The Hard Years: A Look at Contemporary America and American Institutions

By Eugene J. McCarthy | Go to book overview

18
Listen to Mr. Parkinson

Americans have paid little attention to the institutional meaning of public buildings, such as those occupied by Congress. An Englishman, C. Northcote Parkinson, has studied this question with reference to his country. In his book Parkinson's Law, he made significant comments about public buildings and their implications for the vitality of the institutions which use them.

Mr. Parkinson described a building "clothed from the outset with convenience and dignity" and mentioned "the outer door, in bronze and glass. . . ." This description could well be applied to the Dirksen Senate Office Building. Parkinson also mentioned the corridors: "Polished shoes glide quietly over shining rubber to the glittering and silent elevator." He noted "the subdued noise of an ordered activity" coming from behind closed doors; he referred to the experience of being "ankle deep" in carpet. All this bears a strong resemblance to conditions in the new Senate and House office buildings.

Mr. Parkinson said that in such a place, "you will feel that you have found real efficiency at last," but that this is not true. "In point of fact you will have discovered nothing of the kind. It is now known that a perfection of planned layout is achieved only by institutions on the point of collapse. . . ."

Mr. Parkinson's view, one that he illustrated with a history of Parliament buildings in England, was this: "During a period of exciting discovery or progress there is no time to plan the perfect headquarters. The time for that comes later, when all the important work has been done. Perfection, we know, is finality; and finality is death."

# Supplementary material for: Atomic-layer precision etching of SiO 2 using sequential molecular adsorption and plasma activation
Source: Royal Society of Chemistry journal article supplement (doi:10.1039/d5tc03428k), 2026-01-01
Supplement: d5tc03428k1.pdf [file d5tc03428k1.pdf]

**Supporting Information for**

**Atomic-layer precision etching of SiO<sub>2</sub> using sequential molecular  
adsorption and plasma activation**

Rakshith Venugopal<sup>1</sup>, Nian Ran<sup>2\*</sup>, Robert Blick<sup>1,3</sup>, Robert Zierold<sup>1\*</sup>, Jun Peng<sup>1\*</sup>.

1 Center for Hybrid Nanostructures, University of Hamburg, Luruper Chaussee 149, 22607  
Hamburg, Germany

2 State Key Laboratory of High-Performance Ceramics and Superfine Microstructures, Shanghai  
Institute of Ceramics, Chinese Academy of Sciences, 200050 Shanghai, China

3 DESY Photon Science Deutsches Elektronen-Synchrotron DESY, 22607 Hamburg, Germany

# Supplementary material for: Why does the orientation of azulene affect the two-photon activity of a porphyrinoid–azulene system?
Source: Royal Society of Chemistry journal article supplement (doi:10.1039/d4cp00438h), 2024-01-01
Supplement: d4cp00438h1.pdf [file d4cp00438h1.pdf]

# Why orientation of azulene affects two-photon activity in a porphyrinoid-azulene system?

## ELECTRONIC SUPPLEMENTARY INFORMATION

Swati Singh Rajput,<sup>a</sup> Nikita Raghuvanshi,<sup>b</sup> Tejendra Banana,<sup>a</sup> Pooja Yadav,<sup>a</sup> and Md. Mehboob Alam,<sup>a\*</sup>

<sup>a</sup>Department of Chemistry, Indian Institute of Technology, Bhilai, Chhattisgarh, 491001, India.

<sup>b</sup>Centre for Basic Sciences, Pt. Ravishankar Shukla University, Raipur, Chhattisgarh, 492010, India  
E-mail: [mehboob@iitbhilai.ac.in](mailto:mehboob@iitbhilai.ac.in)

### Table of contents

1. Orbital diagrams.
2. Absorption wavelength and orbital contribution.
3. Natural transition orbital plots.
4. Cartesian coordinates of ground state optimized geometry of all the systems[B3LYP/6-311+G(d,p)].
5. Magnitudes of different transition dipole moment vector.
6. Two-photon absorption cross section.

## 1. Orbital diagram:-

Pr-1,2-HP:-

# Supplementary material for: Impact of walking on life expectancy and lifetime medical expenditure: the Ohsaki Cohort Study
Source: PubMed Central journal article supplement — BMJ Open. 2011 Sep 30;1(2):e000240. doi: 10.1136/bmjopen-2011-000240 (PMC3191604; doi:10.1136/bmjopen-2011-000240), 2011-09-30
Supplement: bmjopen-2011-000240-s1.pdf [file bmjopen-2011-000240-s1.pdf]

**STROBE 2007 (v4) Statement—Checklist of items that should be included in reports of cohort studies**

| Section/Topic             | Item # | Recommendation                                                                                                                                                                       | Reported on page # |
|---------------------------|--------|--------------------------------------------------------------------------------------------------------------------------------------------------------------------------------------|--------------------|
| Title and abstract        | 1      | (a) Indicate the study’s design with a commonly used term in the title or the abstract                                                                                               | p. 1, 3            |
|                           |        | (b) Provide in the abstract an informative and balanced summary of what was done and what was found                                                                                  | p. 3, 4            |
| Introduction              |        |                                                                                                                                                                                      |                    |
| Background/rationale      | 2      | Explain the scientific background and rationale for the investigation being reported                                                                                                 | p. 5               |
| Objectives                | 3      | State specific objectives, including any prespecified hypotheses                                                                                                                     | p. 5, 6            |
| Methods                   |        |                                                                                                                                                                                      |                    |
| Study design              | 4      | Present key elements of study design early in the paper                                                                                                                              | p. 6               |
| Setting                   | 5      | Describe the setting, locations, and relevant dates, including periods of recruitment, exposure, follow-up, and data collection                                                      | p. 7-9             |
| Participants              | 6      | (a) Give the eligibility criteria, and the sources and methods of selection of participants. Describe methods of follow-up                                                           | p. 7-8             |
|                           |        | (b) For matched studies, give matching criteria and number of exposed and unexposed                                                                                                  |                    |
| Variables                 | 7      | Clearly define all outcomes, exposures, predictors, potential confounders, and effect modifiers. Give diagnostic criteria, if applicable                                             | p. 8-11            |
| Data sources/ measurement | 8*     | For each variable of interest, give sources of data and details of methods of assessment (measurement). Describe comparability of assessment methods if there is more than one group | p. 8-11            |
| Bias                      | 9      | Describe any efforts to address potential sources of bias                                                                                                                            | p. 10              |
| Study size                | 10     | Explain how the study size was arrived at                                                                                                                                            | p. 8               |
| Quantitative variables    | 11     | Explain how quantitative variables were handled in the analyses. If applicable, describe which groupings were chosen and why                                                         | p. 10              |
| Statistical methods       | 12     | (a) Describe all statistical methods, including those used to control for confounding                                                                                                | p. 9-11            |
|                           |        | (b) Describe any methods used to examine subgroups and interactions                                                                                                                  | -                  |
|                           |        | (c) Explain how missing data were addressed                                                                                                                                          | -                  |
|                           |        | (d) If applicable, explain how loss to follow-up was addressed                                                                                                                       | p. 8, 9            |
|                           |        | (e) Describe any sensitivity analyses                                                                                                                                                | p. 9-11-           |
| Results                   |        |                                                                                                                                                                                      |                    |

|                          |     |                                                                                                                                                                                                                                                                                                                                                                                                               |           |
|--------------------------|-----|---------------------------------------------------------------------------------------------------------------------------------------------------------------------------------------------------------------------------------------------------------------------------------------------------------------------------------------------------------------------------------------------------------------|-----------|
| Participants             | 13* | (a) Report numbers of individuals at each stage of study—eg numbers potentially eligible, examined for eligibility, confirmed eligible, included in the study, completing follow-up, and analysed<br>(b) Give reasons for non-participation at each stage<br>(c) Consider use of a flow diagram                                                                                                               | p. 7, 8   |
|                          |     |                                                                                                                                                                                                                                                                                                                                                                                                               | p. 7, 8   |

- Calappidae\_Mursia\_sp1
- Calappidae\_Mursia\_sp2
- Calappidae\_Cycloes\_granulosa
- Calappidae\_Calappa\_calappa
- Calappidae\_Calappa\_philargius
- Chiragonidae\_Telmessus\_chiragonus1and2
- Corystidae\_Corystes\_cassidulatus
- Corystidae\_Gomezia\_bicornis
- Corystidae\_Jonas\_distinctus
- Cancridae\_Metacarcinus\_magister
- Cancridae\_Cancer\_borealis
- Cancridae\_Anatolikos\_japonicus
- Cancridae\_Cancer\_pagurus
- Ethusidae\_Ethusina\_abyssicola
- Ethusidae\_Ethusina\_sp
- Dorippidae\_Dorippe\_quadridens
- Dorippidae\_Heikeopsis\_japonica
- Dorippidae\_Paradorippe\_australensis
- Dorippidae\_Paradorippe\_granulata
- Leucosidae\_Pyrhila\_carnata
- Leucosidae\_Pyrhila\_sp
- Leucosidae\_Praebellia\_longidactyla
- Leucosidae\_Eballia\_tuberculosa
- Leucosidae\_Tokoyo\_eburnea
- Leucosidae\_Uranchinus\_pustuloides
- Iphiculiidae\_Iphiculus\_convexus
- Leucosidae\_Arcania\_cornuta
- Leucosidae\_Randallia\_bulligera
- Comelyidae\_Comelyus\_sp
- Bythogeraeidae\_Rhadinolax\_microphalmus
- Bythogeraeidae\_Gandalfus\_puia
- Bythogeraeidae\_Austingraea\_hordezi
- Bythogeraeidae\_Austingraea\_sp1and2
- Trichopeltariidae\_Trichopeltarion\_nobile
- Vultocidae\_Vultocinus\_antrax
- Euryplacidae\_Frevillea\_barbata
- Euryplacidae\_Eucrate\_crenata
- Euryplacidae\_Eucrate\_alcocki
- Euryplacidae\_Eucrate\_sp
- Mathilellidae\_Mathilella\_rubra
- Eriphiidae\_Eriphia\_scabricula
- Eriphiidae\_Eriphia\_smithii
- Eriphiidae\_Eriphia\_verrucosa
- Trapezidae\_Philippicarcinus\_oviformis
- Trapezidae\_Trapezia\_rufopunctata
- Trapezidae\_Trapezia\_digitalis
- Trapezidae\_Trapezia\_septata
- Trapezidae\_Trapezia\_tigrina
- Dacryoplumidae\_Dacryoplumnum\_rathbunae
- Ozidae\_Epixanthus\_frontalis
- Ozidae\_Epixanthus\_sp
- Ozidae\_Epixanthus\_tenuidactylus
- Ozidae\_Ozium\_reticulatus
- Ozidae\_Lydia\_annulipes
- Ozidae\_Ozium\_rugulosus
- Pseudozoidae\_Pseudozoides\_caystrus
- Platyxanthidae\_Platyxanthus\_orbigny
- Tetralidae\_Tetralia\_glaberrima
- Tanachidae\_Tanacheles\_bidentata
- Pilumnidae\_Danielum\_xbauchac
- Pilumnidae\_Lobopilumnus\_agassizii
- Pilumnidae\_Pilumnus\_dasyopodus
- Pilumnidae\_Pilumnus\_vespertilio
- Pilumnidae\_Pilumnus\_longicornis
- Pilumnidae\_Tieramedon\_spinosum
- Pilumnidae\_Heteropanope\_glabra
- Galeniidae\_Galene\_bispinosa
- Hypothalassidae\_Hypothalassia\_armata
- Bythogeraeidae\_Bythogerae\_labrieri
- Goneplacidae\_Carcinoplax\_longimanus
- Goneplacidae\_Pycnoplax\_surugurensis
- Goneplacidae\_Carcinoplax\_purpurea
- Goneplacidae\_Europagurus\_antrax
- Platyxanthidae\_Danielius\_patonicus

In 1960, as a member of the Senate Public Works Committee, I studied Mr. Parkinson's comments on this point and concluded that the recent construction of the second Senate Office Building was a

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The Hard Years: A Look at Contemporary America and American Institutions
Table of contents

Table of contents

  • Title Page iii
  • Contents v
  • Introduction by Tom Wicker vii
  • Preface xix
  • Part I - Institutions 1
  • 1 - Toward a More Responsible Presidency 3
  • 2 - The Vice President as Crown Prince 15
  • 3 - Changes in the Congress 19
  • 4 - The Courts, the Last Appeal 28
  • 5 - Court of Ideas 32
  • 6 - A Kind Word for the Bureaucrats 35
  • 7 - A Kind Word for the Military 45
  • 8 - A Warning About the Military Establishment 49
  • 9 - The Cia and the Inner Ring 58
  • 10 - The Corporations 61
  • 11 - The Universities 68
  • 12 - The Democratic and Republican Parties 75
  • 13 - Alternatives to the Major Parties 80
  • Part II - Operations 87
  • 14 - A Hard Look at the Primaries 89
  • 15 - Personality Cults 96
  • 16 - The Cult of the Expert 97
  • 17 - A Good and Becoming Exit 100
  • 18 - Listen to Mr. Parkinson 104
  • 19 - The Sst: Object Lesson in Dynamics of Opposition 106
  • 20 - The Lobbyists 109
  • 21 - Grant Park, Chicago 116
  • 22 - Marching on Washington 118
  • 23 - Changing America 122
  • Part III - Principles 125
  • 24 - Innocence in Politics 127
  • 25 - Language and Politics 130
  • 26 - Poetry and War 135
  • 27 - Ares 144
  • 28 - Intellectuals and Politics 148
  • 29 - Out of Phase 155
  • 30 - Trouble in the Economics Community 158
  • 31 - Constitutional Amendments 165
  • 32 - Five Systems of Justice 170
  • 33 - The Enemies List 173
  • 34 - Censorship 182
  • Part IV - A Good Person is Not So Hard to Find 185
  • 35 - John Bennett 187
  • 36 - Emerson Hynes 189
  • 37 - John Kennedy 190
  • 38 - Dan and Doris Kimball 193
  • 39 - Robert Lowell 196
  • 40 - Wayne Morse 197
  • 41 - Lewis Mumford 203
  • 42 - Eleanor Roosevelt 205
  • 43 - Frank Rosenblatt 207
  • 44 - Adlai Stevenson 208
  • Notes 215
  • Index 223
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